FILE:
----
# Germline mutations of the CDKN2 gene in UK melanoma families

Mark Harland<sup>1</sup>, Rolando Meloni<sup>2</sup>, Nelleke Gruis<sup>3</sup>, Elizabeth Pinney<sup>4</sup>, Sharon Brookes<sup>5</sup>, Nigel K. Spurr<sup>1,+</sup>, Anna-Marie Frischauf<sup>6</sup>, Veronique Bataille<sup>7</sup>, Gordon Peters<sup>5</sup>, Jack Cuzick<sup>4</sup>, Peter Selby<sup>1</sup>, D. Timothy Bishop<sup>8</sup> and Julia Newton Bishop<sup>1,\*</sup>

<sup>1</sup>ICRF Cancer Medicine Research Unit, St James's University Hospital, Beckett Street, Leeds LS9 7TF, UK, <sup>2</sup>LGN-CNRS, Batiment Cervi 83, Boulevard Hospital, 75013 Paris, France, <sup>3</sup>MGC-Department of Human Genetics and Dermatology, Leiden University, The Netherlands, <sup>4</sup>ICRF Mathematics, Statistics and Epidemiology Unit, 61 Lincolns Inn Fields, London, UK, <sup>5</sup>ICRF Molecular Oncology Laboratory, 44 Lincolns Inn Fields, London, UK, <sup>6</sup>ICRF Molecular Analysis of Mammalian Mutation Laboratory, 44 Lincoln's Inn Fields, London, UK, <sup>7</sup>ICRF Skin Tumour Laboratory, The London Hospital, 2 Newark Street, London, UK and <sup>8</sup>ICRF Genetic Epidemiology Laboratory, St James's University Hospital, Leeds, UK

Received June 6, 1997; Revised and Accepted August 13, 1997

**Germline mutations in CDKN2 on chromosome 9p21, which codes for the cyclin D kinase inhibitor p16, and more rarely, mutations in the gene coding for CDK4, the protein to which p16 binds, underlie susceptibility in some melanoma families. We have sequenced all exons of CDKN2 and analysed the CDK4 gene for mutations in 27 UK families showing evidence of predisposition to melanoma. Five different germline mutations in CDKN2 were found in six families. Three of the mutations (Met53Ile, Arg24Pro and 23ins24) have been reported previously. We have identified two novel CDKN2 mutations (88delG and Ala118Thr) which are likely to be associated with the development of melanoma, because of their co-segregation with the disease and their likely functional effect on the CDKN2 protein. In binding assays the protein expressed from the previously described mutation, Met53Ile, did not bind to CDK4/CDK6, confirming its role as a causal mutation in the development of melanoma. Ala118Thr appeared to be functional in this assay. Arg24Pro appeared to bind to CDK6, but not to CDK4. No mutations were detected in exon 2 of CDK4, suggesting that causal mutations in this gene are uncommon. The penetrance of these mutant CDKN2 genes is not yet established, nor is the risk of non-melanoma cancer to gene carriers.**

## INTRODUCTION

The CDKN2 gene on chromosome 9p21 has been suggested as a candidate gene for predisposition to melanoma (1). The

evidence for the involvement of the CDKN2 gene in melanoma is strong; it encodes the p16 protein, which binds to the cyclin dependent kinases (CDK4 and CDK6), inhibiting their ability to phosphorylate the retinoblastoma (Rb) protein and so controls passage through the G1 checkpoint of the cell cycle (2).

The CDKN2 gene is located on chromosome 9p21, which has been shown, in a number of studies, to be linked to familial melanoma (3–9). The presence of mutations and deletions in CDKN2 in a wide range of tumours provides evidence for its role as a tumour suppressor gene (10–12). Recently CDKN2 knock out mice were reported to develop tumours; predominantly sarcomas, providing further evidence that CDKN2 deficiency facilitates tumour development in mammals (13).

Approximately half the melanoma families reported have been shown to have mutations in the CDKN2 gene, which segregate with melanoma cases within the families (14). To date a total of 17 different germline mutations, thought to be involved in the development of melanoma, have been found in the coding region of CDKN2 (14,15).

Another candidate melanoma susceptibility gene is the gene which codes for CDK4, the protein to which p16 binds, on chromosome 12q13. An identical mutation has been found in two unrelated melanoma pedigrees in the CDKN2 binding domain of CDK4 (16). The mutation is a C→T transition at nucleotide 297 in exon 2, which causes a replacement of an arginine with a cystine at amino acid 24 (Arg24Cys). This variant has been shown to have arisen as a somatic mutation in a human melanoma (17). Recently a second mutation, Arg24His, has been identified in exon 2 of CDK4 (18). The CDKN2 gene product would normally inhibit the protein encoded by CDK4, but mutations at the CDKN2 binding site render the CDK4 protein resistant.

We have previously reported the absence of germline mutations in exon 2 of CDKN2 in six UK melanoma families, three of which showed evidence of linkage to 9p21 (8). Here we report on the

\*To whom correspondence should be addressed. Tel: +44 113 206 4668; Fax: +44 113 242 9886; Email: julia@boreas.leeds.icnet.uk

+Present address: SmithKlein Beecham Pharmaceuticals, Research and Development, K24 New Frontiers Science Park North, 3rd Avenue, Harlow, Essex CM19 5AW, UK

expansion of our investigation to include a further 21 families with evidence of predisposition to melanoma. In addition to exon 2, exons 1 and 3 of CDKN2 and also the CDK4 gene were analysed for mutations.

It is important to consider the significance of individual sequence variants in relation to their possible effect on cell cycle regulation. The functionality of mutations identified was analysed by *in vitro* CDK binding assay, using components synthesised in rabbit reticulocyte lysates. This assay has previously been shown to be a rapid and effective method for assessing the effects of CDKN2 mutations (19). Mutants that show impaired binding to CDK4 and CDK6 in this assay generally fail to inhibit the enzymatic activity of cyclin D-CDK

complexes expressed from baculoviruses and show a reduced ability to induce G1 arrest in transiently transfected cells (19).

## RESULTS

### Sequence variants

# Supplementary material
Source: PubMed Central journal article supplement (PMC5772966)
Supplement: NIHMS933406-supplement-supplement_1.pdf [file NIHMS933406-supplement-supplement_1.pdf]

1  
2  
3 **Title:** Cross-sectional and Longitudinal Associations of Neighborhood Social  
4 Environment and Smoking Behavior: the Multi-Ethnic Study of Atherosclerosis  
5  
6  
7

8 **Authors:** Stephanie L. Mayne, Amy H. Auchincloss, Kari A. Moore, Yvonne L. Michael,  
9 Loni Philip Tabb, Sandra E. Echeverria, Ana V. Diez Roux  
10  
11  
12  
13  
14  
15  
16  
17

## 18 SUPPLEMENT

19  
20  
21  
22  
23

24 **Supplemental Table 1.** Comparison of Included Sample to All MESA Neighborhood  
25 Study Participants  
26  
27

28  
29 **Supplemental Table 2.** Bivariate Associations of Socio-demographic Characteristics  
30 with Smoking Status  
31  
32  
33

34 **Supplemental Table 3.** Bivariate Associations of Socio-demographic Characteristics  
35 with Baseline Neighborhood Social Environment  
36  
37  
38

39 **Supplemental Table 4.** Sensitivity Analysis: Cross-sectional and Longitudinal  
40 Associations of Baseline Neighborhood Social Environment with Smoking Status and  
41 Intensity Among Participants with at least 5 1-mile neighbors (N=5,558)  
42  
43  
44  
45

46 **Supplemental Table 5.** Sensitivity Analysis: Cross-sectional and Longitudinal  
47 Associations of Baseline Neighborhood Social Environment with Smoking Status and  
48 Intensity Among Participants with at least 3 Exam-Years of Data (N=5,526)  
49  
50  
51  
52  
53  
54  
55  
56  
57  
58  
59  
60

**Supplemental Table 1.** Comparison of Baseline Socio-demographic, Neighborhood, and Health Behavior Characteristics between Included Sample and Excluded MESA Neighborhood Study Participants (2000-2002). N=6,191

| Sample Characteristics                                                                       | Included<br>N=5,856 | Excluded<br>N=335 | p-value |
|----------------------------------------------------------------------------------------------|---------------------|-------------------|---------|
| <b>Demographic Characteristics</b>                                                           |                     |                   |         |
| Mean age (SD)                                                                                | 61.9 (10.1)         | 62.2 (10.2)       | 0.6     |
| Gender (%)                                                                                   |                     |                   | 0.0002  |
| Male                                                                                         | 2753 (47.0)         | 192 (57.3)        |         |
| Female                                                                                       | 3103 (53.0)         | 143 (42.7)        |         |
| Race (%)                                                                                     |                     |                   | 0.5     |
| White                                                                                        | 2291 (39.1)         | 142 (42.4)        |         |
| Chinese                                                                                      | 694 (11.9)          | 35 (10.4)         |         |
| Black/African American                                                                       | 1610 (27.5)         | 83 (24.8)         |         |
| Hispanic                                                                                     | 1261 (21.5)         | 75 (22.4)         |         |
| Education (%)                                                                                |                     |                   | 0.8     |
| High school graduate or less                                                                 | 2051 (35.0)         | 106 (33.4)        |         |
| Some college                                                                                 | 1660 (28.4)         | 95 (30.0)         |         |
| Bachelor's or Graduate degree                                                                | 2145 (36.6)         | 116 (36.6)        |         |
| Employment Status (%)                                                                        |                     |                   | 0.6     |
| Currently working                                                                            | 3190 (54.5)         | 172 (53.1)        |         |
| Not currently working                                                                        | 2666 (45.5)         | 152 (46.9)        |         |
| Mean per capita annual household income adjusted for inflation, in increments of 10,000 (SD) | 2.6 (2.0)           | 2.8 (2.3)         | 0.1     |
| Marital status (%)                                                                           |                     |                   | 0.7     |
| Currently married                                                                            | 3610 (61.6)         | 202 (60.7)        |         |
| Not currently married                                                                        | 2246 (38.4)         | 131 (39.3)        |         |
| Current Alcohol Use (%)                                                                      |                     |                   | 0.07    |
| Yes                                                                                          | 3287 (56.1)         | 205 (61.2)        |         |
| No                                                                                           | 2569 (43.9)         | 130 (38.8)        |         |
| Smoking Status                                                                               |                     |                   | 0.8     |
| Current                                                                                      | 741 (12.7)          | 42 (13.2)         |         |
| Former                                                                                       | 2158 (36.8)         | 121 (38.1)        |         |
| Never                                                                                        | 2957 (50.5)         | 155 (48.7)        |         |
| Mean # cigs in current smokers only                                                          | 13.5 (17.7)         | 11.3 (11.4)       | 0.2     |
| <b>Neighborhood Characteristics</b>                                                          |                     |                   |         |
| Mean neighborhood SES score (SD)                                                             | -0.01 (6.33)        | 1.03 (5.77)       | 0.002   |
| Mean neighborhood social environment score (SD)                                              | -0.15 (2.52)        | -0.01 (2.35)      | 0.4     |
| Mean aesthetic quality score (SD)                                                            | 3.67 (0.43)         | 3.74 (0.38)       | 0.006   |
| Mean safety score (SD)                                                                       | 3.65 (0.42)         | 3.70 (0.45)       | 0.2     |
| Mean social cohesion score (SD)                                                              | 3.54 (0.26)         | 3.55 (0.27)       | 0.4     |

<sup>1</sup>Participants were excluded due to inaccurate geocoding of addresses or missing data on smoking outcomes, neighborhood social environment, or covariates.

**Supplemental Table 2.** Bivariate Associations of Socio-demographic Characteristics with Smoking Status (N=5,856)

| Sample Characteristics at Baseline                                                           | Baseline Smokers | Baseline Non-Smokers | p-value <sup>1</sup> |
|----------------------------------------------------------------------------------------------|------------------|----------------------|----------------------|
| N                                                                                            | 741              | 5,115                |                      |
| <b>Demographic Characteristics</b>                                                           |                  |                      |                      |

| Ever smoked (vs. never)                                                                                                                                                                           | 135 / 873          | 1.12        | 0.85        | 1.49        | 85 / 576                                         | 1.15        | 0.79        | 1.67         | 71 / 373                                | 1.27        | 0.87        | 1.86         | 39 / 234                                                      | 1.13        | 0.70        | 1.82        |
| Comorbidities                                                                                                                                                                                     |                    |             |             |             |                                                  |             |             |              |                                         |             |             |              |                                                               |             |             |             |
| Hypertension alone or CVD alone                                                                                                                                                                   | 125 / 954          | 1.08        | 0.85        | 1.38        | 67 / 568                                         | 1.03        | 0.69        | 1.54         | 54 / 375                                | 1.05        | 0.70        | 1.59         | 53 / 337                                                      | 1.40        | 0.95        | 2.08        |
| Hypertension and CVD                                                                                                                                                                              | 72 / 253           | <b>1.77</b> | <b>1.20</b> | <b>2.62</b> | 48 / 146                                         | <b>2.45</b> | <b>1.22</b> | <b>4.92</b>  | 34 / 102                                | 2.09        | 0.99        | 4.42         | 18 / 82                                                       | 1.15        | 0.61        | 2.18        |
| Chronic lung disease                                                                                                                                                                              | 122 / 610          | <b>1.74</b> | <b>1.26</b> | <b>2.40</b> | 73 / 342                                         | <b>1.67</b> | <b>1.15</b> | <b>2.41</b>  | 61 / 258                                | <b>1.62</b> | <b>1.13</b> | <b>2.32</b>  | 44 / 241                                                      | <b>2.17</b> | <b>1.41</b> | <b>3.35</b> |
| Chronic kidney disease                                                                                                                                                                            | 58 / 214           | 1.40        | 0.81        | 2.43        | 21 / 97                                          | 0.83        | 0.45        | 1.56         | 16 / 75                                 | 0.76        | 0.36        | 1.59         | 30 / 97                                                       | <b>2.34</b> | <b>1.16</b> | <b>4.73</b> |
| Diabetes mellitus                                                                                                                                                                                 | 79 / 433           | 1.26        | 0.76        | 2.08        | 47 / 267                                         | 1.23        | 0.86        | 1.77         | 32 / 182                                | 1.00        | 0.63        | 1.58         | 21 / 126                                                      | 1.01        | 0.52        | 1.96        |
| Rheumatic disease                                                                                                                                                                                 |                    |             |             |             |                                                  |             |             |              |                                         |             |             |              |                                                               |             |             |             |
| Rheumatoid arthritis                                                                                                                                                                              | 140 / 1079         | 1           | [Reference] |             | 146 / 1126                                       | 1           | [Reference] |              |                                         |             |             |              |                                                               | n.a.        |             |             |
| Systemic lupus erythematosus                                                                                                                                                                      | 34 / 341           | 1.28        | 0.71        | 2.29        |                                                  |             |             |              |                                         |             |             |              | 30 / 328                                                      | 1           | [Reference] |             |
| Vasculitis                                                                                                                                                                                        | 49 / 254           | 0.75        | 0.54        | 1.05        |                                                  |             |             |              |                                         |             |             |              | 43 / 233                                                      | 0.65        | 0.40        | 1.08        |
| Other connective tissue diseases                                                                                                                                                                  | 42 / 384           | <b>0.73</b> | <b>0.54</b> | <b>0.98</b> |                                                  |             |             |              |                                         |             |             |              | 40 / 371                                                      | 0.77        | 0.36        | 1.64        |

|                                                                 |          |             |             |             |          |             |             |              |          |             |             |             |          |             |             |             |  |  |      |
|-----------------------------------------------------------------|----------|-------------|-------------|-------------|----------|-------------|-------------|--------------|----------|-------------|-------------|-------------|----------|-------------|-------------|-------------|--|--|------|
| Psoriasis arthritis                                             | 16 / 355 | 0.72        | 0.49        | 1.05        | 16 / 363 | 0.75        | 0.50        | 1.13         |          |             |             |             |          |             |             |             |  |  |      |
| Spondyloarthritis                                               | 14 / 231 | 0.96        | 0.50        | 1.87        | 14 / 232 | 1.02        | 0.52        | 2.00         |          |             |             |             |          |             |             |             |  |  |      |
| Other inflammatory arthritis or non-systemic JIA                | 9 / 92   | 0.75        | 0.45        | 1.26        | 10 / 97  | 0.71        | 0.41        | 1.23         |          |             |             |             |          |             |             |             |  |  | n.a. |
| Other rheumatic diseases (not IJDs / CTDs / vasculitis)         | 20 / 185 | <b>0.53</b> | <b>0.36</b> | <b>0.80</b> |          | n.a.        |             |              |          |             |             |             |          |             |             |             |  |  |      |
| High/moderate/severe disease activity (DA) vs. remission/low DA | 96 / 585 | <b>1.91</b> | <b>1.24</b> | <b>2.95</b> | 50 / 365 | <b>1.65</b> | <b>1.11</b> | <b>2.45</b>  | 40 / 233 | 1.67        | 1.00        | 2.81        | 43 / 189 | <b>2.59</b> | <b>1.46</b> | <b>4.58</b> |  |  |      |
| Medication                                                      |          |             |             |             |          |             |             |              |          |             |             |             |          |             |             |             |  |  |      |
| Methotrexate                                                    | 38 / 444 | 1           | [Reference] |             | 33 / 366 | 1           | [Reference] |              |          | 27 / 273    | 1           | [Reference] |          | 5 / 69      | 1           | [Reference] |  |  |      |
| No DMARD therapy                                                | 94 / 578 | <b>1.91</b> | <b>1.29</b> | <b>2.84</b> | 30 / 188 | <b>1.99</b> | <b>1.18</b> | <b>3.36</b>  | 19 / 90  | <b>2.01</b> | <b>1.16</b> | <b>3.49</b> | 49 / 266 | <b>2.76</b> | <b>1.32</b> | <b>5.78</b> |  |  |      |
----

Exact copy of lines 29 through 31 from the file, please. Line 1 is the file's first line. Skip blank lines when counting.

7

8 **Authors:** Stephanie L. Mayne, Amy H. Auchincloss, Kari A. Moore, Yvonne L. Michael,  
9 Loni Philip Tabb, Sandra E. Echeverria, Ana V. Diez Roux  